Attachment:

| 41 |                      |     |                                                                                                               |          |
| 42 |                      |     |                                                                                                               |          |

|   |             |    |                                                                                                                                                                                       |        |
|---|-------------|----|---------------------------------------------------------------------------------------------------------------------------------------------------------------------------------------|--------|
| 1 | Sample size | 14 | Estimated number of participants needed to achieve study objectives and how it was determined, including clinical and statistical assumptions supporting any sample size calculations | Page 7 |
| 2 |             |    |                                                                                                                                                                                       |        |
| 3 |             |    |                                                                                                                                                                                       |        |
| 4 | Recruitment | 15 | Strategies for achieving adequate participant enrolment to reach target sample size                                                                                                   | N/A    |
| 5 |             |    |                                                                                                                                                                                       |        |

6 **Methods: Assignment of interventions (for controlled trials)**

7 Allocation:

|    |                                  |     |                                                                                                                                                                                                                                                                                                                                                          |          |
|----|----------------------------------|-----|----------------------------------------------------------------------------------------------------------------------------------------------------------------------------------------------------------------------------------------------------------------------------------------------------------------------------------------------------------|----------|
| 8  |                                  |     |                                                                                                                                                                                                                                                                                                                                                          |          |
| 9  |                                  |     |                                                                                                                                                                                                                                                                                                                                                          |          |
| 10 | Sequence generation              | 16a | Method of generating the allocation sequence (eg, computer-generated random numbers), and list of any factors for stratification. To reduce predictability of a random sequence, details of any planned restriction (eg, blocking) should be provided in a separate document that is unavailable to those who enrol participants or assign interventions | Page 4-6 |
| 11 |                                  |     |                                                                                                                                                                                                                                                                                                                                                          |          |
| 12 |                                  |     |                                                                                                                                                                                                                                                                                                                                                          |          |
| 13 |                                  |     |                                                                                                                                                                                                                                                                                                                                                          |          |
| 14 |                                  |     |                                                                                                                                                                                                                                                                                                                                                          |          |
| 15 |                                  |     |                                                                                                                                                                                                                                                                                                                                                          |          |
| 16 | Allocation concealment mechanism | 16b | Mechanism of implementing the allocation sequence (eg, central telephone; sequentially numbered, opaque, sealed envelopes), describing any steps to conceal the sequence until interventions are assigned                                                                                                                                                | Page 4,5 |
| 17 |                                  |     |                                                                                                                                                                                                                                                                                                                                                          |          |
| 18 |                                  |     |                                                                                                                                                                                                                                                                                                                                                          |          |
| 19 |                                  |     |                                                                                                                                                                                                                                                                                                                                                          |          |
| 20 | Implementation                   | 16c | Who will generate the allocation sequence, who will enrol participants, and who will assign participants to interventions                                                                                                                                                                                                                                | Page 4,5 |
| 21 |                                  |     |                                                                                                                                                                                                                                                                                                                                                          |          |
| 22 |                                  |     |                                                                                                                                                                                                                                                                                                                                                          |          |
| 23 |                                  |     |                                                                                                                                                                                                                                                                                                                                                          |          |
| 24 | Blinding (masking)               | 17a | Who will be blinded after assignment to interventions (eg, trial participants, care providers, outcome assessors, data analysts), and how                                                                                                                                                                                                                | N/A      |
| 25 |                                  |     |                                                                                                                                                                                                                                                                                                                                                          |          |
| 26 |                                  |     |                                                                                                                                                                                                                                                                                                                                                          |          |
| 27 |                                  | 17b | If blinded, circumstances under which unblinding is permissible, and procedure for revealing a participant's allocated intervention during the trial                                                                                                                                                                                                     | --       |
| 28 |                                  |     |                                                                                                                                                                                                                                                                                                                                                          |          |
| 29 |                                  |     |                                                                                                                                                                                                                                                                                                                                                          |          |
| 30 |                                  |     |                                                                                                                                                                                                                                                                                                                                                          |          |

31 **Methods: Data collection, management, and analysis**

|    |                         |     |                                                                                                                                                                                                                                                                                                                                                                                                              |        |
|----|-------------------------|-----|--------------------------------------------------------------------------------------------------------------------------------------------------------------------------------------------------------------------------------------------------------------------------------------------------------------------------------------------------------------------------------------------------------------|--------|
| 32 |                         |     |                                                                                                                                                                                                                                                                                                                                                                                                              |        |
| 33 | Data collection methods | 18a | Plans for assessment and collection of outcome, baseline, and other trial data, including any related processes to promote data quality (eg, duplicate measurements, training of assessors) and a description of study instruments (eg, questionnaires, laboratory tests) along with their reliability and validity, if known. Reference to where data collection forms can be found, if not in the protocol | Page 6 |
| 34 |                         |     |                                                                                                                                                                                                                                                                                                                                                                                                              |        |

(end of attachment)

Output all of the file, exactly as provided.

| 41 |                      |     |                                                                                                               |          |
| 42 |                      |     |                                                                                                               |          |

|   |             |    |                                                                                                                                                                                       |        |
|---|-------------|----|---------------------------------------------------------------------------------------------------------------------------------------------------------------------------------------|--------|
| 1 | Sample size | 14 | Estimated number of participants needed to achieve study objectives and how it was determined, including clinical and statistical assumptions supporting any sample size calculations | Page 7 |
| 2 |             |    |                                                                                                                                                                                       |        |
| 3 |             |    |                                                                                                                                                                                       |        |
| 4 | Recruitment | 15 | Strategies for achieving adequate participant enrolment to reach target sample size                                                                                                   | N/A    |
| 5 |             |    |                                                                                                                                                                                       |        |

6 **Methods: Assignment of interventions (for controlled trials)**

7 Allocation:

|    |                                  |     |                                                                                                                                                                                                                                                                                                                                                          |          |
|----|----------------------------------|-----|----------------------------------------------------------------------------------------------------------------------------------------------------------------------------------------------------------------------------------------------------------------------------------------------------------------------------------------------------------|----------|
| 8  |                                  |     |                                                                                                                                                                                                                                                                                                                                                          |          |
| 9  |                                  |     |                                                                                                                                                                                                                                                                                                                                                          |          |
| 10 | Sequence generation              | 16a | Method of generating the allocation sequence (eg, computer-generated random numbers), and list of any factors for stratification. To reduce predictability of a random sequence, details of any planned restriction (eg, blocking) should be provided in a separate document that is unavailable to those who enrol participants or assign interventions | Page 4-6 |
| 11 |                                  |     |                                                                                                                                                                                                                                                                                                                                                          |          |
| 12 |                                  |     |                                                                                                                                                                                                                                                                                                                                                          |          |
| 13 |                                  |     |                                                                                                                                                                                                                                                                                                                                                          |          |
| 14 |                                  |     |                                                                                                                                                                                                                                                                                                                                                          |          |
| 15 |                                  |     |                                                                                                                                                                                                                                                                                                                                                          |          |
| 16 | Allocation concealment mechanism | 16b | Mechanism of implementing the allocation sequence (eg, central telephone; sequentially numbered, opaque, sealed envelopes), describing any steps to conceal the sequence until interventions are assigned                                                                                                                                                | Page 4,5 |
| 17 |                                  |     |                                                                                                                                                                                                                                                                                                                                                          |          |
| 18 |                                  |     |                                                                                                                                                                                                                                                                                                                                                          |          |
| 19 |                                  |     |                                                                                                                                                                                                                                                                                                                                                          |          |
| 20 | Implementation                   | 16c | Who will generate the allocation sequence, who will enrol participants, and who will assign participants to interventions                                                                                                                                                                                                                                | Page 4,5 |
| 21 |                                  |     |                                                                                                                                                                                                                                                                                                                                                          |          |
| 22 |                                  |     |                                                                                                                                                                                                                                                                                                                                                          |          |
| 23 |                                  |     |                                                                                                                                                                                                                                                                                                                                                          |          |
| 24 | Blinding (masking)               | 17a | Who will be blinded after assignment to interventions (eg, trial participants, care providers, outcome assessors, data analysts), and how                                                                                                                                                                                                                | N/A      |
| 25 |                                  |     |                                                                                                                                                                                                                                                                                                                                                          |          |
| 26 |                                  |     |                                                                                                                                                                                                                                                                                                                                                          |          |
| 27 |                                  | 17b | If blinded, circumstances under which unblinding is permissible, and procedure for revealing a participant's allocated intervention during the trial                                                                                                                                                                                                     | --       |
| 28 |                                  |     |                                                                                                                                                                                                                                                                                                                                                          |          |
| 29 |                                  |     |                                                                                                                                                                                                                                                                                                                                                          |          |
| 30 |                                  |     |                                                                                                                                                                                                                                                                                                                                                          |          |

31 **Methods: Data collection, management, and analysis**

|    |                         |     |                                                                                                                                                                                                                                                                                                                                                                                                              |        |
|----|-------------------------|-----|--------------------------------------------------------------------------------------------------------------------------------------------------------------------------------------------------------------------------------------------------------------------------------------------------------------------------------------------------------------------------------------------------------------|--------|
| 32 |                         |     |                                                                                                                                                                                                                                                                                                                                                                                                              |        |
| 33 | Data collection methods | 18a | Plans for assessment and collection of outcome, baseline, and other trial data, including any related processes to promote data quality (eg, duplicate measurements, training of assessors) and a description of study instruments (eg, questionnaires, laboratory tests) along with their reliability and validity, if known. Reference to where data collection forms can be found, if not in the protocol | Page 6 |
| 34 |                         |     |                                                                                                                                                                                                                                                                                                                                                                                                              |        |